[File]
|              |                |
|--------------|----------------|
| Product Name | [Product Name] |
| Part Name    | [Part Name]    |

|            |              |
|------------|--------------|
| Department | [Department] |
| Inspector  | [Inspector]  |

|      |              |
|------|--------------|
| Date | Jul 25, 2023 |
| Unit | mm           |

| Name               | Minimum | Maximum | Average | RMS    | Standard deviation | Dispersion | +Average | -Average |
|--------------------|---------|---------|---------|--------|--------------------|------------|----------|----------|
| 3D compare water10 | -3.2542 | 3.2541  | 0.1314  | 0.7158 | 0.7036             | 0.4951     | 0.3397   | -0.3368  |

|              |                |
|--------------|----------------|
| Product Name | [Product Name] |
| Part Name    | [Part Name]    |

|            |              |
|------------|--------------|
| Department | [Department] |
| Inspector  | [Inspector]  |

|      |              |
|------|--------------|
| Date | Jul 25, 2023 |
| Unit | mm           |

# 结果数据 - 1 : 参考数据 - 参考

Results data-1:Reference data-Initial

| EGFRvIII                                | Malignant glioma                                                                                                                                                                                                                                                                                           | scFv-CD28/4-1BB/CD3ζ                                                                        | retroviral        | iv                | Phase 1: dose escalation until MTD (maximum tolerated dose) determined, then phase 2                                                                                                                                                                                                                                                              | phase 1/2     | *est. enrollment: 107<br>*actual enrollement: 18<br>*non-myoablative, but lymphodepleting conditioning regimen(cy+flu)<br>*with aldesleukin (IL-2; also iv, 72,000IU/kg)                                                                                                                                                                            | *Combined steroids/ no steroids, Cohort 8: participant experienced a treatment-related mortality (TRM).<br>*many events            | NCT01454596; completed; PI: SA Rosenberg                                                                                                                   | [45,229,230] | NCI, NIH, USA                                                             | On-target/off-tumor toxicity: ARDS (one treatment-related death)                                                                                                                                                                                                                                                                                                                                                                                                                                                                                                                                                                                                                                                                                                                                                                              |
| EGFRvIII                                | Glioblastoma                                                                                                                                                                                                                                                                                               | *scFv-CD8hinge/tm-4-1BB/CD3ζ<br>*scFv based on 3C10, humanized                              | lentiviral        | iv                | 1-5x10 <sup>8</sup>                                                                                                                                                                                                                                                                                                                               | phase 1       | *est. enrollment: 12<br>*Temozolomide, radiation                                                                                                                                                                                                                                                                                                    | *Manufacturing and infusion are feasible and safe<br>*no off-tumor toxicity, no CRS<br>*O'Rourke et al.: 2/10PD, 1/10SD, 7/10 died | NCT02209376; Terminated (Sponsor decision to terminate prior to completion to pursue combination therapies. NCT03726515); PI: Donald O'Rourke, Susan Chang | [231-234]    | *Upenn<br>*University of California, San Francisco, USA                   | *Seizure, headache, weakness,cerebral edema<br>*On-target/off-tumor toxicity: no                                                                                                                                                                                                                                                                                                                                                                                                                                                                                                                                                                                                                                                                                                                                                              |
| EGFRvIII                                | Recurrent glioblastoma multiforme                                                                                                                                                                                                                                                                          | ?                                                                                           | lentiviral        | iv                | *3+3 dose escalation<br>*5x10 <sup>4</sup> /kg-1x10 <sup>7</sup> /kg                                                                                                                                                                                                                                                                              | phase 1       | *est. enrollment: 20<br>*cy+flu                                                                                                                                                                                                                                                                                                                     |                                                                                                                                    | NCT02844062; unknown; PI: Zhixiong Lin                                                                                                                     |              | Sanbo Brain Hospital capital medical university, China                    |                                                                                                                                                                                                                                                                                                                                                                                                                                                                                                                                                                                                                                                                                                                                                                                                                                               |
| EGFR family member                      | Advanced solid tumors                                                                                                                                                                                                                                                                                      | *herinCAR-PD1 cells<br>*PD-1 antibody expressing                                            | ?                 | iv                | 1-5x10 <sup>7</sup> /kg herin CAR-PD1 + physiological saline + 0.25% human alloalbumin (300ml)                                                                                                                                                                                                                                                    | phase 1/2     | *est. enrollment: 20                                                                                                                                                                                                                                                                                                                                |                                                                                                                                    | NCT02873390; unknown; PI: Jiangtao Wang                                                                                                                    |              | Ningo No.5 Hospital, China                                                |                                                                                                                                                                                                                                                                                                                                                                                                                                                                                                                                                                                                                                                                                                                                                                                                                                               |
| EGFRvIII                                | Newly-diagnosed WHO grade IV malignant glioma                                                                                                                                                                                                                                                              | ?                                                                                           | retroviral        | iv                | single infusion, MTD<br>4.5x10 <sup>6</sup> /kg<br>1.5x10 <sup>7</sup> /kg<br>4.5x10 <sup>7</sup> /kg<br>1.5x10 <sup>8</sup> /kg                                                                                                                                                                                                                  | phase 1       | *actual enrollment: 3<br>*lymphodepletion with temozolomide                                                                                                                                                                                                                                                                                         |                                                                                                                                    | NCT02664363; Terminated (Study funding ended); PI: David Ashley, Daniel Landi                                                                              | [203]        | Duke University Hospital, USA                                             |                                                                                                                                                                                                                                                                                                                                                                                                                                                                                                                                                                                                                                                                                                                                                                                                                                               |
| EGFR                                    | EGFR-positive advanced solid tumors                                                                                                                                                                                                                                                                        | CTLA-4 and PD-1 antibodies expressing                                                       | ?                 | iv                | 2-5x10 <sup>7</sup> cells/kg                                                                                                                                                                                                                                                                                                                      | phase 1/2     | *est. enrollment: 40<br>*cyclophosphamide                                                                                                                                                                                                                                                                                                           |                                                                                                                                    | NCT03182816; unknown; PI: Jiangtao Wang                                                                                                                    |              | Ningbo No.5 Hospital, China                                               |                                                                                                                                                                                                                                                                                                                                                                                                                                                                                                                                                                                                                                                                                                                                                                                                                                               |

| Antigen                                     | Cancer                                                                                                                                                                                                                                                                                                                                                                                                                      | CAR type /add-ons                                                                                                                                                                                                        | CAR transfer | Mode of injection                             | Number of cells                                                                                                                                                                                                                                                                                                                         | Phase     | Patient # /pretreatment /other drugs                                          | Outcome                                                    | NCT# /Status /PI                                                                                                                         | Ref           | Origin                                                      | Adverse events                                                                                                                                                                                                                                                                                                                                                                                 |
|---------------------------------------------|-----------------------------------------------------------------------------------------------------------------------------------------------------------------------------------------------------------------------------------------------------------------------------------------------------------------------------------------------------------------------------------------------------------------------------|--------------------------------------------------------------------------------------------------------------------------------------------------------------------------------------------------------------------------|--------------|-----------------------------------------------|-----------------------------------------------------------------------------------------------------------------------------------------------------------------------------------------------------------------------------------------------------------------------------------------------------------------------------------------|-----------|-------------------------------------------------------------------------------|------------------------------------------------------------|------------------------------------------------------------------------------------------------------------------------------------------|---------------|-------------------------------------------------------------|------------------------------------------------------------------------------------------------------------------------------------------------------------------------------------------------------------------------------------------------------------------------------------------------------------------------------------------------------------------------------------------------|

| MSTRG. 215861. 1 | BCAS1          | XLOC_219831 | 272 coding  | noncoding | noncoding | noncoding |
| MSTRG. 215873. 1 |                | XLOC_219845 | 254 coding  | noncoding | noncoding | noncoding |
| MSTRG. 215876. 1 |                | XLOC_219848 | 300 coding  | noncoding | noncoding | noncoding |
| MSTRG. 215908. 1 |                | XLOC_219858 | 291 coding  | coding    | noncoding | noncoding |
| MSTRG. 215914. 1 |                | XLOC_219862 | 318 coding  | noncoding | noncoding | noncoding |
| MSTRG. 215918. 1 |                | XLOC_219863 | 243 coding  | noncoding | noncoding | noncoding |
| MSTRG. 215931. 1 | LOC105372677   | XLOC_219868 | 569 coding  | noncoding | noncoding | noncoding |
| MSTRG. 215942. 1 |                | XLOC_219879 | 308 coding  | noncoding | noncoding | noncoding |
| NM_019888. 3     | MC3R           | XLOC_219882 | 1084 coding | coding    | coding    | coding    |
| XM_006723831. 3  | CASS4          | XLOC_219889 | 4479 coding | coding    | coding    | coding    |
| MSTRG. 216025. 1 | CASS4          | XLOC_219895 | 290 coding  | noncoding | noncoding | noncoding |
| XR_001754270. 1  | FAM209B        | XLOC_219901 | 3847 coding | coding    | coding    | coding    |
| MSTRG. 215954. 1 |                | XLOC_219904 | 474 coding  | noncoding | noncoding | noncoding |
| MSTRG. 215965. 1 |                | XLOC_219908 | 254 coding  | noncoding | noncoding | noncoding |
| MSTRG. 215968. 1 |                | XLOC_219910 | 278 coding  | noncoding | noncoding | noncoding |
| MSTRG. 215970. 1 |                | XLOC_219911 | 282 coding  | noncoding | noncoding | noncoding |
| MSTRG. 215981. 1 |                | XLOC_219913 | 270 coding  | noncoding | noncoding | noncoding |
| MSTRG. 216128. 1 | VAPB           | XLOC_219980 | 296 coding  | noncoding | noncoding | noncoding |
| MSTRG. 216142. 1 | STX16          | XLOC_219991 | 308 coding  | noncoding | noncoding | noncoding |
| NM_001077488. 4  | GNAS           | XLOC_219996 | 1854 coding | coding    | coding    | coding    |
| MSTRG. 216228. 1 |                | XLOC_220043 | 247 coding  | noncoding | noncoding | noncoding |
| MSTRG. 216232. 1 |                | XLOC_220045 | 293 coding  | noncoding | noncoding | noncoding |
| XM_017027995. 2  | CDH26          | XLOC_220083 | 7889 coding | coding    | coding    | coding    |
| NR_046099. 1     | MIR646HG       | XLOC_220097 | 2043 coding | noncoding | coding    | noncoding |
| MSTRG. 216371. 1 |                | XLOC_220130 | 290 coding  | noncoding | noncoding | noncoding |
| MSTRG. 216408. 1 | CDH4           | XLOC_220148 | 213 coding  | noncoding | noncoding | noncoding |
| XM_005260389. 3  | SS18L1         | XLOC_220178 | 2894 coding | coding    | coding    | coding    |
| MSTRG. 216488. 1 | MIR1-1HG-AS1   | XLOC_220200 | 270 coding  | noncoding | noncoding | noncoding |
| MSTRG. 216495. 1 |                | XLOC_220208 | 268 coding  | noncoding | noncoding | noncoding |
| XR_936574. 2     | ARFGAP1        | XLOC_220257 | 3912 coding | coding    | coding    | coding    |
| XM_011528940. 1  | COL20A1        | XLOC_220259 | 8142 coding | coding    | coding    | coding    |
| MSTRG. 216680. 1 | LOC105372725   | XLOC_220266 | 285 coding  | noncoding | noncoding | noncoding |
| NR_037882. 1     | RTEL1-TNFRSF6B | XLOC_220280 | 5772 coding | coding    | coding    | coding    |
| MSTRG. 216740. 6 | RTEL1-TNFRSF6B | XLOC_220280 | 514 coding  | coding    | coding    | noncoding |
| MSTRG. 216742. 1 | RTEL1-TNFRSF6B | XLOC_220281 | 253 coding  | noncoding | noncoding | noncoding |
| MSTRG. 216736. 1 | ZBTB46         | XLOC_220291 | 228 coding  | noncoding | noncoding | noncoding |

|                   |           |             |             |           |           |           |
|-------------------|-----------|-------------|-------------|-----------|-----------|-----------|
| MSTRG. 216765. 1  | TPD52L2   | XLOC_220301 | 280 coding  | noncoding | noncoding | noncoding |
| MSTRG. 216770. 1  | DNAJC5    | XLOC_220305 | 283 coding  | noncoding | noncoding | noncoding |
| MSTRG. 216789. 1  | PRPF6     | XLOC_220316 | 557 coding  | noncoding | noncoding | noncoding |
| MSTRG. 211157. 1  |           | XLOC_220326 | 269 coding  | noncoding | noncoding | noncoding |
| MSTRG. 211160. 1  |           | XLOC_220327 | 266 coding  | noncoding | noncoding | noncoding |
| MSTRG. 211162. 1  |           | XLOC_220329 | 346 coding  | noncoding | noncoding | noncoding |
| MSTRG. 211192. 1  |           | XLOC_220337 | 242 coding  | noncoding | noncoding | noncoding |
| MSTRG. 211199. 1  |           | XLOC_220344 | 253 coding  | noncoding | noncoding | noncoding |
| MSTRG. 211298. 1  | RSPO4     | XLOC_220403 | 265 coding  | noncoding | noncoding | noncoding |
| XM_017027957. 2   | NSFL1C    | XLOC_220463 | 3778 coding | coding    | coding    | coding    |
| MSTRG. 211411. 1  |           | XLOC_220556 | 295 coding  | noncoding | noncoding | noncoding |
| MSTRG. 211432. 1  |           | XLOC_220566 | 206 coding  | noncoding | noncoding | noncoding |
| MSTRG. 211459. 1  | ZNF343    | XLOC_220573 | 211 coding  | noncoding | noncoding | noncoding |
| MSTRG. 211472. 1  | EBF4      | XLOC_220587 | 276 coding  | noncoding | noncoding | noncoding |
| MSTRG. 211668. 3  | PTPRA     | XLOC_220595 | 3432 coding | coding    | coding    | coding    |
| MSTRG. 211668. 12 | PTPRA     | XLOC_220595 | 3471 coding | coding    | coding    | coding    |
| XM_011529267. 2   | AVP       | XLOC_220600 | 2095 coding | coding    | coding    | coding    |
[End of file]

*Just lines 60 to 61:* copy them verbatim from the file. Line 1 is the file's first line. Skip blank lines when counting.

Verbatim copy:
| XM_017027995. 2  | CDH26          | XLOC_220083 | 7889 coding | coding    | coding    | coding    |
| NR_046099. 1     | MIR646HG       | XLOC_220097 | 2043 coding | noncoding | coding    | noncoding |